Appendix: Methodology for evaluating the output cost of the financial crisis
The current OECD method of estimating potential output assumes a Cobb-Douglas production function, which can be simplified so that potential output (Y*) is represented in terms of potential employment (N*), the capital stock (K) and labour-augmenting technical progress (E*), so that:
(1) y* = α (n*+ e*) + (1- α) k,
where lower case letters denote logs and α is the wage share.
Potential output per head of population (P) can be explained in terms of two components: trend productivity and a potential employment rate, as follows:
(2) ∆(y*- p) = ∆(y*- n*) + ∆(n*- p).
This trend productivity component can also be split into two components to give an effect from labour efficiency (or equivalently an effect from total factor productivity) and an effect from changes in capital per worker, represented as:
(3) ∆(y*- n*) = α ∆e* + (1- α) ∆(k - n*).
For the purposes of the post-crisis counter-factual, these two components of trend productivity are extrapolated at the same average growth rate as experienced over the pre-crisis period 2000-07. The potential employment rate component (the second term in (2)) is estimated in way which adjusts for cyclical effects, and so for the purposes of the counter-factual is assumed to remain at its pre-crisis (2007) levels.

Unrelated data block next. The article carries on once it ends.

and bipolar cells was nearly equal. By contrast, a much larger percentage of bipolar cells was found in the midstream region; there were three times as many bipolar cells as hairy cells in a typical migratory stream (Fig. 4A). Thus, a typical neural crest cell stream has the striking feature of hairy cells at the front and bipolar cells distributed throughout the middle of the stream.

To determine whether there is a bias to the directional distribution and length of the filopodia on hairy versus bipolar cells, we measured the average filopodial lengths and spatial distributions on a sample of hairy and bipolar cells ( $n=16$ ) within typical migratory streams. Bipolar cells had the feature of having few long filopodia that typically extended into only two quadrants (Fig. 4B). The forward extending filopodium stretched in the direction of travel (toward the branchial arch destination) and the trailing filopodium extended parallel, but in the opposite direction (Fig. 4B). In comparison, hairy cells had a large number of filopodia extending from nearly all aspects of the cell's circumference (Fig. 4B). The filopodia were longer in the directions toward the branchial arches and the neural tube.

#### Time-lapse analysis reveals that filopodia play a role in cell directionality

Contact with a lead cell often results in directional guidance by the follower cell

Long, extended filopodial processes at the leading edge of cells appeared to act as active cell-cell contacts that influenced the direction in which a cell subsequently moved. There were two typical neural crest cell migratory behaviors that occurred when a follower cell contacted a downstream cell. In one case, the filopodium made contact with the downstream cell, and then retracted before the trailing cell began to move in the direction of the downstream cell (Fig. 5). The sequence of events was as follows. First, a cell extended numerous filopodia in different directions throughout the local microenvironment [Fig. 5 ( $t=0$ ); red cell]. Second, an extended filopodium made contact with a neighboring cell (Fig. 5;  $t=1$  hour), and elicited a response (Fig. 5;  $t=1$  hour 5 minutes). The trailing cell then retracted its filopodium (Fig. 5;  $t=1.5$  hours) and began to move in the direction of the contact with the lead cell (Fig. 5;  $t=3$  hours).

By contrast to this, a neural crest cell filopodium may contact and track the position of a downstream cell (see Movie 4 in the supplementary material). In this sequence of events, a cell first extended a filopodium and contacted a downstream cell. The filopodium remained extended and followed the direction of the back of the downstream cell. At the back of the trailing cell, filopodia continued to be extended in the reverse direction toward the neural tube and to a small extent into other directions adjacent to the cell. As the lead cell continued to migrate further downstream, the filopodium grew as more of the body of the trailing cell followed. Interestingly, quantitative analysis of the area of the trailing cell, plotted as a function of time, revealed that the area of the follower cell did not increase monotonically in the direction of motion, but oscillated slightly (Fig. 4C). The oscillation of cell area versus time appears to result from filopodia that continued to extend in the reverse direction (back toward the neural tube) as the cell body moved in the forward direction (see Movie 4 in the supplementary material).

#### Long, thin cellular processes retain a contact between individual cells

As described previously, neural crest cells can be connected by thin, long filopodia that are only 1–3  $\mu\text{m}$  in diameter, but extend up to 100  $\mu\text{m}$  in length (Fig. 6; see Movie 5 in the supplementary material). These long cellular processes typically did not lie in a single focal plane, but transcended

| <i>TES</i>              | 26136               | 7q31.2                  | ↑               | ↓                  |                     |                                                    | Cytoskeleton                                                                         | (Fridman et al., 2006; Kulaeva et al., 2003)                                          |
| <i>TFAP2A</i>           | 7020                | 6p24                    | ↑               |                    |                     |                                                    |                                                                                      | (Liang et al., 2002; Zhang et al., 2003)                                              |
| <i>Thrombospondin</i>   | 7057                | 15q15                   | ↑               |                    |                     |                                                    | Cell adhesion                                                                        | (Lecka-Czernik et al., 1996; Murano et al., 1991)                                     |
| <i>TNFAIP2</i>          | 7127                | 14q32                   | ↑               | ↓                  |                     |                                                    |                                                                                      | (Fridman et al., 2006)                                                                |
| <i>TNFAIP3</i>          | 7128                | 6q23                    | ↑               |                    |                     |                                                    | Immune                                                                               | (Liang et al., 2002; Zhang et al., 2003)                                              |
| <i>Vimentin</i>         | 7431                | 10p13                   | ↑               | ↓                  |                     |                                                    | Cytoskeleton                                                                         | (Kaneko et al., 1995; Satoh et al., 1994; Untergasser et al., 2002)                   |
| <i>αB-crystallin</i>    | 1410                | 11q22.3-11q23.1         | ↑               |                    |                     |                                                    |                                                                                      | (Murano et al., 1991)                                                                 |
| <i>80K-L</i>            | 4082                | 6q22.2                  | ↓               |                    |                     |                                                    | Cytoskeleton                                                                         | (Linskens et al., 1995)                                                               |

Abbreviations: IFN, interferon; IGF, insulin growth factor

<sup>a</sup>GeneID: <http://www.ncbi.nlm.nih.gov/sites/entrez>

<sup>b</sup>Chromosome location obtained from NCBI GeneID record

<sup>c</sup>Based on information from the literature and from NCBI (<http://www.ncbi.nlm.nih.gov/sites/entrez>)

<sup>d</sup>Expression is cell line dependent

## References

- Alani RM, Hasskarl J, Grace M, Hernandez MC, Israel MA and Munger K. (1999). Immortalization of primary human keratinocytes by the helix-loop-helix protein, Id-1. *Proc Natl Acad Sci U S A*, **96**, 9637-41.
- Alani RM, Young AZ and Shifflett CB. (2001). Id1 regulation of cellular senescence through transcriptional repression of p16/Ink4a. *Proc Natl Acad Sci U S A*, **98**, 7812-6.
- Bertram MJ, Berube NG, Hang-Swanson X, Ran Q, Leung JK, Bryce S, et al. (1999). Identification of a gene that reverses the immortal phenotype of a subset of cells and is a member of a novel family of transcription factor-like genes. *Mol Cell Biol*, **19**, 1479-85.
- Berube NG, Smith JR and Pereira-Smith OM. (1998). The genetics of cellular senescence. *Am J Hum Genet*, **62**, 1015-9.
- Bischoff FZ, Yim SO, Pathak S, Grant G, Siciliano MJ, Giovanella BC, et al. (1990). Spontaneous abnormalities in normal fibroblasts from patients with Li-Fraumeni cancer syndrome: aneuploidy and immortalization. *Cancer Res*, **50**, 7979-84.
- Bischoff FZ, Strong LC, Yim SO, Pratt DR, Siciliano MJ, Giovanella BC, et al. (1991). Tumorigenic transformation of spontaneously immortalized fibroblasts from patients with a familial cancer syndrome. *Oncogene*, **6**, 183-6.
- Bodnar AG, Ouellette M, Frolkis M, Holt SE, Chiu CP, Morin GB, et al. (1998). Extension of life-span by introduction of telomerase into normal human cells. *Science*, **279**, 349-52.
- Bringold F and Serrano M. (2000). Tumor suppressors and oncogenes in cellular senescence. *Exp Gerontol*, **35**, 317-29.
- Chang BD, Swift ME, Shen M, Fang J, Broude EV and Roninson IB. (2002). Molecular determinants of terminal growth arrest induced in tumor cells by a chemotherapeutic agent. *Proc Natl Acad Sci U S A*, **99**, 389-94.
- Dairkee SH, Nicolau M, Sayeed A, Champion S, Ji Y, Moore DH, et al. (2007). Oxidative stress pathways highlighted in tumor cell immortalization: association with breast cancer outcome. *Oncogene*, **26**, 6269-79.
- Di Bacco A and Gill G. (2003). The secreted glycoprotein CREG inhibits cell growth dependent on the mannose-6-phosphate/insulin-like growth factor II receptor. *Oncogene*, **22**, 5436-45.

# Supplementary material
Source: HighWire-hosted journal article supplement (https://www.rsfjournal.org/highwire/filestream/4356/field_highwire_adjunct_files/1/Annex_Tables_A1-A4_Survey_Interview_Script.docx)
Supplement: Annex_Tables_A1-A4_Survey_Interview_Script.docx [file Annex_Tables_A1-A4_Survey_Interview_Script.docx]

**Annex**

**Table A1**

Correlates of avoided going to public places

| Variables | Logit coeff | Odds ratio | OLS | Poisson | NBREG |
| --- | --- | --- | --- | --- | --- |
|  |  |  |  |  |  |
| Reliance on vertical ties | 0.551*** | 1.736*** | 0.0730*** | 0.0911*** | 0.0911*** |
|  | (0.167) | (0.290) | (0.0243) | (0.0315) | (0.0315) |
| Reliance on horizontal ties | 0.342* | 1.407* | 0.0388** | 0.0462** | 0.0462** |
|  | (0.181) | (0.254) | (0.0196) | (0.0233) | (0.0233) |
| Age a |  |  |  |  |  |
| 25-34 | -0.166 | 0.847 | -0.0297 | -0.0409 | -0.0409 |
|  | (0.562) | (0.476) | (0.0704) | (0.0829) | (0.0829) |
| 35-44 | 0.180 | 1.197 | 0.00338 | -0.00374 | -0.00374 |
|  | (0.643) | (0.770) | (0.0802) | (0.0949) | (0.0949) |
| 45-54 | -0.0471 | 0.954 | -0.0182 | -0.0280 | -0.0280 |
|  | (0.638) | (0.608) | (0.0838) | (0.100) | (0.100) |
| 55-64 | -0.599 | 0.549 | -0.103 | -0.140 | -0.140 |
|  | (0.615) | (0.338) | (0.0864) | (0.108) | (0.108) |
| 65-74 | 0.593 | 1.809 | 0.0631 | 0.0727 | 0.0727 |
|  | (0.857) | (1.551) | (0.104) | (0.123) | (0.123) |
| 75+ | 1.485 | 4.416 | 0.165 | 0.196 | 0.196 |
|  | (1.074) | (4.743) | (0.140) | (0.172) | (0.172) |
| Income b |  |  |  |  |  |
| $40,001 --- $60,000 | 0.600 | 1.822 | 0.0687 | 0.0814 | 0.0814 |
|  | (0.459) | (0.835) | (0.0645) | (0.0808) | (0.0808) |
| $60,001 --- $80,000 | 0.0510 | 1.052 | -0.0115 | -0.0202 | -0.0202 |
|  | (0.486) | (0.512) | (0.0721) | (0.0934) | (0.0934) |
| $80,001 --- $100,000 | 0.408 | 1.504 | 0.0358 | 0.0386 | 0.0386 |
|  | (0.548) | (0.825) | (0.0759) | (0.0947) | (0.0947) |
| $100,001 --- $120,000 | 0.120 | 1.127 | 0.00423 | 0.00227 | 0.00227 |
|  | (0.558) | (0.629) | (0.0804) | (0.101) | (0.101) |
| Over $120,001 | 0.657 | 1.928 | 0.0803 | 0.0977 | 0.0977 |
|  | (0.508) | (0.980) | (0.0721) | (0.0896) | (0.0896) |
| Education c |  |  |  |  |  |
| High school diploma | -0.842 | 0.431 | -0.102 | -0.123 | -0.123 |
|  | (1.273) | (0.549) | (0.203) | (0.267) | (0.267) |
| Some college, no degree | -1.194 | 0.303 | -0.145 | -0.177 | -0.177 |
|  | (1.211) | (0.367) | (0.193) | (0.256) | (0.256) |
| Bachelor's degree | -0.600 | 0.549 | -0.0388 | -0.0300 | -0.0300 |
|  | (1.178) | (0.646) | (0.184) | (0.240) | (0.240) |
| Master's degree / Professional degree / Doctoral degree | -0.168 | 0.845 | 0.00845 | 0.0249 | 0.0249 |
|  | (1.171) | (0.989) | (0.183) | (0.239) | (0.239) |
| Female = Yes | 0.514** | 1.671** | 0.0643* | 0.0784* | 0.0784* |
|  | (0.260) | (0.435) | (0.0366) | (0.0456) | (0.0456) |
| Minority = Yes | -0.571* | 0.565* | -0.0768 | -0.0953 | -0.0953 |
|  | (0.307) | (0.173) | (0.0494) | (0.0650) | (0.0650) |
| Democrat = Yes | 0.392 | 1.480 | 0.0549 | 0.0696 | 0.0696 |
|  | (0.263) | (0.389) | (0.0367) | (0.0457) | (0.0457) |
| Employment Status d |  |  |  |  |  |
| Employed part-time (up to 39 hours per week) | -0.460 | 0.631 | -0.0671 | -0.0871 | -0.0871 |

The effect of the crisis is then evaluated as the difference between the counter-factual trend described above and the latest estimates and projections of potential output consistent with the projections published in the June 2018 OECD Economic Outlook. This “crisis hit” to the level of potential output can then be decomposed into an effect on trend productivity, which can be sub-divided into effects from total factor productivity and capital per worker, and the potential employment.
About the authors
David Turner is Head of the Macroeconomic Analysis Division at the OECD where his main responsibilities currently include overseeing the analysis of potential output, modelling the effects of structural reforms and long-term projections for the global economy.
Patrice Ollivaud is an Economist, currently working at the OECD as a country expert for Indonesia and Switzerland; he previously worked on several macroeconomic topics including potential output, long-term projections, global trade and short-term economic forecasts.
SUERF Policy Notes (SPNs) focus on current financial, monetary or economic issues, designed for policy makers and financial practitioners, authored by renowned experts. The views expressed are those of the author(s) and not necessarily those of the institution(s) the author(s) is/are affiliated with.